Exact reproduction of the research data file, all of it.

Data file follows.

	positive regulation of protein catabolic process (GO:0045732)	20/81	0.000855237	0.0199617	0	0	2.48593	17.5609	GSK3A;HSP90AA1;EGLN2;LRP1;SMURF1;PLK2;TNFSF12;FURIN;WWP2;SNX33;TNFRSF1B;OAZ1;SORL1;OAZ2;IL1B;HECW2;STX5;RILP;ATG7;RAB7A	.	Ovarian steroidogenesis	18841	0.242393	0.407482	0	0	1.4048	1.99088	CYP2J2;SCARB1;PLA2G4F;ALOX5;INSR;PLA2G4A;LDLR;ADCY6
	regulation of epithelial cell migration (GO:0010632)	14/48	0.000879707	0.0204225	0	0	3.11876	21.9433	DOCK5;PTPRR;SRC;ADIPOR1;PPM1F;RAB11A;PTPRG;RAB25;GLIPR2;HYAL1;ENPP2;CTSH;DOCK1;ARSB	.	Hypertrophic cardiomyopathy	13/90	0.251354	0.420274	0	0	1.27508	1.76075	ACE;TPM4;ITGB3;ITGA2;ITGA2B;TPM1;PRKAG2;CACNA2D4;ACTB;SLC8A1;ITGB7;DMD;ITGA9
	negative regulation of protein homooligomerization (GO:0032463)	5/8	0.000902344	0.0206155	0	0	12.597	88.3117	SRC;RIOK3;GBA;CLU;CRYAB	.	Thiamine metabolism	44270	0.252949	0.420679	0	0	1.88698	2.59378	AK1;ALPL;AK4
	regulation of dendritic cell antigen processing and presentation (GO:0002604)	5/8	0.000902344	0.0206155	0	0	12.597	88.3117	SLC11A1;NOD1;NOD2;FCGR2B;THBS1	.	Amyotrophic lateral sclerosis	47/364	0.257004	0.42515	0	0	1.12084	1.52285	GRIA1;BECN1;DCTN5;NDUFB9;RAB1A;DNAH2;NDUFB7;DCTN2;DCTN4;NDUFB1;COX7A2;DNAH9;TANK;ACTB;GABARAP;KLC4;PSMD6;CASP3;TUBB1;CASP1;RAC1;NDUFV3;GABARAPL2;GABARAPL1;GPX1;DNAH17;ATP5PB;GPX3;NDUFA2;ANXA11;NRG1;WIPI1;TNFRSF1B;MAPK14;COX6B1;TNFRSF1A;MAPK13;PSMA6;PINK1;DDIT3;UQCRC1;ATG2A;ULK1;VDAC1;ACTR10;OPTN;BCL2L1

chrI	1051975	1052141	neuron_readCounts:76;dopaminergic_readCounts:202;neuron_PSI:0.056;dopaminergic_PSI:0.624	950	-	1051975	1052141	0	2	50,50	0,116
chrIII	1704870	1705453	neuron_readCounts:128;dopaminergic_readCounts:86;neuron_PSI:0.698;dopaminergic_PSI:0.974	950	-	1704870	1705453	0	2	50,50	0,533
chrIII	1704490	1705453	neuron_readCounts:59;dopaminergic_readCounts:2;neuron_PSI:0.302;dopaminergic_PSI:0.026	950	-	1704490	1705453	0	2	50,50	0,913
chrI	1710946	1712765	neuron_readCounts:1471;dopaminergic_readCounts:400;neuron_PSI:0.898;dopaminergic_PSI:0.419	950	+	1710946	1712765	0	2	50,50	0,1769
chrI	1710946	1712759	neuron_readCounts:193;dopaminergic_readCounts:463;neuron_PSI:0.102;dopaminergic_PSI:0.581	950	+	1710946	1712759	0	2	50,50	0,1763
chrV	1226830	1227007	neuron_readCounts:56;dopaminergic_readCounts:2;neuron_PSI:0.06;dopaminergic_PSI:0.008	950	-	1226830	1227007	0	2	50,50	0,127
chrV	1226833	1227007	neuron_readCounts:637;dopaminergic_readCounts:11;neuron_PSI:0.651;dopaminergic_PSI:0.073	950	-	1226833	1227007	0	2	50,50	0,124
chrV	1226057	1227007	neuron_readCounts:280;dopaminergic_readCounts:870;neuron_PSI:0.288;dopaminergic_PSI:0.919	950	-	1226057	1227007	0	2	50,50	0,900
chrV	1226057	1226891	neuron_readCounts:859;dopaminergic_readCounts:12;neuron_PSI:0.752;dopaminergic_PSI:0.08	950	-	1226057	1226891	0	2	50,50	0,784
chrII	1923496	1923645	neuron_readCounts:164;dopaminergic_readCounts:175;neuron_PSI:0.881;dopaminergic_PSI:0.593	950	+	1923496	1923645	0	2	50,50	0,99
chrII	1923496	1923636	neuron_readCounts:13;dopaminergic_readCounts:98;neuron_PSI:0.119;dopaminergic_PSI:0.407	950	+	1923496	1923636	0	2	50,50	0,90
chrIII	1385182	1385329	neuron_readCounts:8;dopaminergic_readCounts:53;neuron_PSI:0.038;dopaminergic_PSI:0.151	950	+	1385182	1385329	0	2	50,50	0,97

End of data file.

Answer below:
	positive regulation of protein catabolic process (GO:0045732)	20/81	0.000855237	0.0199617	0	0	2.48593	17.5609	GSK3A;HSP90AA1;EGLN2;LRP1;SMURF1;PLK2;TNFSF12;FURIN;WWP2;SNX33;TNFRSF1B;OAZ1;SORL1;OAZ2;IL1B;HECW2;STX5;RILP;ATG7;RAB7A	.	Ovarian steroidogenesis	18841	0.242393	0.407482	0	0	1.4048	1.99088	CYP2J2;SCARB1;PLA2G4F;ALOX5;INSR;PLA2G4A;LDLR;ADCY6
	regulation of epithelial cell migration (GO:0010632)	14/48	0.000879707	0.0204225	0	0	3.11876	21.9433	DOCK5;PTPRR;SRC;ADIPOR1;PPM1F;RAB11A;PTPRG;RAB25;GLIPR2;HYAL1;ENPP2;CTSH;DOCK1;ARSB	.	Hypertrophic cardiomyopathy	13/90	0.251354	0.420274	0	0	1.27508	1.76075	ACE;TPM4;ITGB3;ITGA2;ITGA2B;TPM1;PRKAG2;CACNA2D4;ACTB;SLC8A1;ITGB7;DMD;ITGA9
	negative regulation of protein homooligomerization (GO:0032463)	5/8	0.000902344	0.0206155	0	0	12.597	88.3117	SRC;RIOK3;GBA;CLU;CRYAB	.	Thiamine metabolism	44270	0.252949	0.420679	0	0	1.88698	2.59378	AK1;ALPL;AK4
	regulation of dendritic cell antigen processing and presentation (GO:0002604)	5/8	0.000902344	0.0206155	0	0	12.597	88.3117	SLC11A1;NOD1;NOD2;FCGR2B;THBS1	.	Amyotrophic lateral sclerosis	47/364	0.257004	0.42515	0	0	1.12084	1.52285	GRIA1;BECN1;DCTN5;NDUFB9;RAB1A;DNAH2;NDUFB7;DCTN2;DCTN4;NDUFB1;COX7A2;DNAH9;TANK;ACTB;GABARAP;KLC4;PSMD6;CASP3;TUBB1;CASP1;RAC1;NDUFV3;GABARAPL2;GABARAPL1;GPX1;DNAH17;ATP5PB;GPX3;NDUFA2;ANXA11;NRG1;WIPI1;TNFRSF1B;MAPK14;COX6B1;TNFRSF1A;MAPK13;PSMA6;PINK1;DDIT3;UQCRC1;ATG2A;ULK1;VDAC1;ACTR10;OPTN;BCL2L1

chrI	1051975	1052141	neuron_readCounts:76;dopaminergic_readCounts:202;neuron_PSI:0.056;dopaminergic_PSI:0.624	950	-	1051975	1052141	0	2	50,50	0,116
chrIII	1704870	1705453	neuron_readCounts:128;dopaminergic_readCounts:86;neuron_PSI:0.698;dopaminergic_PSI:0.974	950	-	1704870	1705453	0	2	50,50	0,533
chrIII	1704490	1705453	neuron_readCounts:59;dopaminergic_readCounts:2;neuron_PSI:0.302;dopaminergic_PSI:0.026	950	-	1704490	1705453	0	2	50,50	0,913
chrI	1710946	1712765	neuron_readCounts:1471;dopaminergic_readCounts:400;neuron_PSI:0.898;dopaminergic_PSI:0.419	950	+	1710946	1712765	0	2	50,50	0,1769
chrI	1710946	1712759	neuron_readCounts:193;dopaminergic_readCounts:463;neuron_PSI:0.102;dopaminergic_PSI:0.581	950	+	1710946	1712759	0	2	50,50	0,1763
chrV	1226830	1227007	neuron_readCounts:56;dopaminergic_readCounts:2;neuron_PSI:0.06;dopaminergic_PSI:0.008	950	-	1226830	1227007	0	2	50,50	0,127
chrV	1226833	1227007	neuron_readCounts:637;dopaminergic_readCounts:11;neuron_PSI:0.651;dopaminergic_PSI:0.073	950	-	1226833	1227007	0	2	50,50	0,124
chrV	1226057	1227007	neuron_readCounts:280;dopaminergic_readCounts:870;neuron_PSI:0.288;dopaminergic_PSI:0.919	950	-	1226057	1227007	0	2	50,50	0,900
chrV	1226057	1226891	neuron_readCounts:859;dopaminergic_readCounts:12;neuron_PSI:0.752;dopaminergic_PSI:0.08	950	-	1226057	1226891	0	2	50,50	0,784
chrII	1923496	1923645	neuron_readCounts:164;dopaminergic_readCounts:175;neuron_PSI:0.881;dopaminergic_PSI:0.593	950	+	1923496	1923645	0	2	50,50	0,99
chrII	1923496	1923636	neuron_readCounts:13;dopaminergic_readCounts:98;neuron_PSI:0.119;dopaminergic_PSI:0.407	950	+	1923496	1923636	0	2	50,50	0,90
chrIII	1385182	1385329	neuron_readCounts:8;dopaminergic_readCounts:53;neuron_PSI:0.038;dopaminergic_PSI:0.151	950	+	1385182	1385329	0	2	50,50	0,97